One of the reasons I feel blessed to work where I do, even under the uncertain climate in which HotHouse is currently embroiled, is the view from the gallery. There's an distinctly urban romanticism about looking at the skyline from the gallery, fog clouds enveloping the tops of the skyscrapers, the elevated trains passing by, sparks flying from the thrid rail as a jazz trio like e.s.t. forms a groove onstage. Before the superdorm in the right of the picture was built, people had a clear view of the Harold Washington Library. Now the Library Towers across the street is quickly rising, eventually blocking the view. When I finally can't see it, it'll be like a chapter in a book closing.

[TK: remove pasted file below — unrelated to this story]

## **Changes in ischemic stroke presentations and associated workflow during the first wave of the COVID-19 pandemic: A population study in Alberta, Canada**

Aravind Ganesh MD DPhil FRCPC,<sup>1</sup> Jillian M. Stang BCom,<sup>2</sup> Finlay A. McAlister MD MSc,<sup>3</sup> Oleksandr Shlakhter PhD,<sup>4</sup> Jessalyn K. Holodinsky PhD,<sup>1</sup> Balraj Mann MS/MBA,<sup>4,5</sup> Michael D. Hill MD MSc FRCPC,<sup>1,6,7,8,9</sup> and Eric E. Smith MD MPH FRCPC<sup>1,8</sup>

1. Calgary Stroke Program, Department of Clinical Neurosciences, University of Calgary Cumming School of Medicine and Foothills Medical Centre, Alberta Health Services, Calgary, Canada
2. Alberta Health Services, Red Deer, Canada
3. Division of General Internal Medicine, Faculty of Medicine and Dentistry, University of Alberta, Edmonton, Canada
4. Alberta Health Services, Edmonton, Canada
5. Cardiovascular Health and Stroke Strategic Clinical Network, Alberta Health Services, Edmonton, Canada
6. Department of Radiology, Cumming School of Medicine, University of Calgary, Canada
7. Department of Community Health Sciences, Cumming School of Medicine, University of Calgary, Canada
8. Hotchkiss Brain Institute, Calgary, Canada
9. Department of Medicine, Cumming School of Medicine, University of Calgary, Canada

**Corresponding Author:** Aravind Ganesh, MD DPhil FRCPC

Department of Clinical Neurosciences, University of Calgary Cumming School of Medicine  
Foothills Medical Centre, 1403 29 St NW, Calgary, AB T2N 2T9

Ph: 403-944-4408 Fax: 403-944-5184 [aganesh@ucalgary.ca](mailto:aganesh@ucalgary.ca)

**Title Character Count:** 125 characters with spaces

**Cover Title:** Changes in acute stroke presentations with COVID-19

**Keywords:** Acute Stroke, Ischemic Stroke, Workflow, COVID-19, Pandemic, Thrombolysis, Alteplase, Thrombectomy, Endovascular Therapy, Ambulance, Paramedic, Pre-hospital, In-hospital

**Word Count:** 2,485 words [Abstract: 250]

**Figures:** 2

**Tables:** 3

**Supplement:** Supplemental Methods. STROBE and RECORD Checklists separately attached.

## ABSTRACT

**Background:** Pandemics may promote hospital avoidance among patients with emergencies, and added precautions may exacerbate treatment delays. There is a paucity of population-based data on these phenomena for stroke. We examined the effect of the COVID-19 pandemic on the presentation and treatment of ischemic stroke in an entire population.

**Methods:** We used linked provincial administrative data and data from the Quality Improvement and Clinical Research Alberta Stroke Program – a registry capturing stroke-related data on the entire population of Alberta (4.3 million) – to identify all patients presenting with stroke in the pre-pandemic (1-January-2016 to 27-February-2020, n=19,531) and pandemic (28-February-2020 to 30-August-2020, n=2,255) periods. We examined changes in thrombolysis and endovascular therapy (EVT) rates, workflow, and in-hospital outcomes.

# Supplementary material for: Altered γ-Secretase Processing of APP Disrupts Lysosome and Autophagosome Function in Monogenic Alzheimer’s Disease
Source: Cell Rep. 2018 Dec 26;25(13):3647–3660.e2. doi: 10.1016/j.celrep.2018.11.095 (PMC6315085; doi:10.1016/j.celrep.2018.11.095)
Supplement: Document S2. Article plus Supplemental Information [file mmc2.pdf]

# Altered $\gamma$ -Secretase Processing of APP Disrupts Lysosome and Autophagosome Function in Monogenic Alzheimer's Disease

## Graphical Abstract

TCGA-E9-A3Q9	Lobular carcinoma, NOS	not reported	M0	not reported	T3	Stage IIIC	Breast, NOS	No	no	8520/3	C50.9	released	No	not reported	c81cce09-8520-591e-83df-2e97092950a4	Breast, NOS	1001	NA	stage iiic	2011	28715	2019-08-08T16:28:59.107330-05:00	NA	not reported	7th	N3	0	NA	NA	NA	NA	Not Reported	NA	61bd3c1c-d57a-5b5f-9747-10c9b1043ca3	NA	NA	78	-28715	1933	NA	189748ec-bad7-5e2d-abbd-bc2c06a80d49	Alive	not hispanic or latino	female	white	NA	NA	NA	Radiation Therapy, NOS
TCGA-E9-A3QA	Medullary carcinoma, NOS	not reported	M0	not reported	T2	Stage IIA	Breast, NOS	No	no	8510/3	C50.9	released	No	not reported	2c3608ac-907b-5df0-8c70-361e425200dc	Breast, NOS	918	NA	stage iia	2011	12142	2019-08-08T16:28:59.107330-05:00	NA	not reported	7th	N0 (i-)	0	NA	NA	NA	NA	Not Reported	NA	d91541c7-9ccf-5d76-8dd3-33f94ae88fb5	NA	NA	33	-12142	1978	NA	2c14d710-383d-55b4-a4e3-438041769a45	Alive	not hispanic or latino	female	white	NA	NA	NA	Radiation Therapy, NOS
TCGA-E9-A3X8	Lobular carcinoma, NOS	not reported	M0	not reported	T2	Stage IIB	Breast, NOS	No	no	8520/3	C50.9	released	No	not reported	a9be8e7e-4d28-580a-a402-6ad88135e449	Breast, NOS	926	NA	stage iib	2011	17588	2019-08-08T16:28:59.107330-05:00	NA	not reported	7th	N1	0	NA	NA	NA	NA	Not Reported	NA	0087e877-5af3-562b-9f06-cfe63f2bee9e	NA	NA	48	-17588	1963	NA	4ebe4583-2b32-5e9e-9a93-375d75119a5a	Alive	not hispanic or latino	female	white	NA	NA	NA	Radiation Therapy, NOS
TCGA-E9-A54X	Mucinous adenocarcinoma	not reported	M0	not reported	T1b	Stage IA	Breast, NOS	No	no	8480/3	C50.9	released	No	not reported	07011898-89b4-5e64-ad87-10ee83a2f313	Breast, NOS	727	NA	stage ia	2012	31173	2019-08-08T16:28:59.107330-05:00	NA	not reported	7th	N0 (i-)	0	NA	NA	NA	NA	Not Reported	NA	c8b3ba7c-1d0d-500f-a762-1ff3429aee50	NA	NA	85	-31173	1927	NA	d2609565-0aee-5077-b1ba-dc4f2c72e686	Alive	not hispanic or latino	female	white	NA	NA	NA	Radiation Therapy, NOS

I've worked in the South Loop for over seven years, and I've been witness to the changes both in and outside work. I'm not even the same person who started working at HotHouse as a part-time bartender. I was angrier then, confused, depressed and placing everyone I cared about at a distance. I know I needed help, but was too proud to ask. Still am today, to an extent. The major difference is that I'll ask for help now if I feel I need it.
So take the time to really look at the picture while listening to this song I included here from the Ensbjörn Svennson Trio, who absolutely brought the house down last night. Unlike here in the States, where Wynton Marsalis and his allies at Lincoln Center seem to have successfully consigned jazz to the status of Latin, and where smooth jazz and jazz vocal are where advertisers place their marketing dollars, jazz music is treated as a vital, living organism in Europe.
e.s.t. is just one example of the boundaries being pushed by jazz musicians. Their music is fearless, ambitious, and succeeds because it knows no bounds. Like the picture at the top of this post, the title track from their album "Tuesday Wonderland" also carries with it a distinctly urban romanticism.
Rest in Peace, Andrew Hill.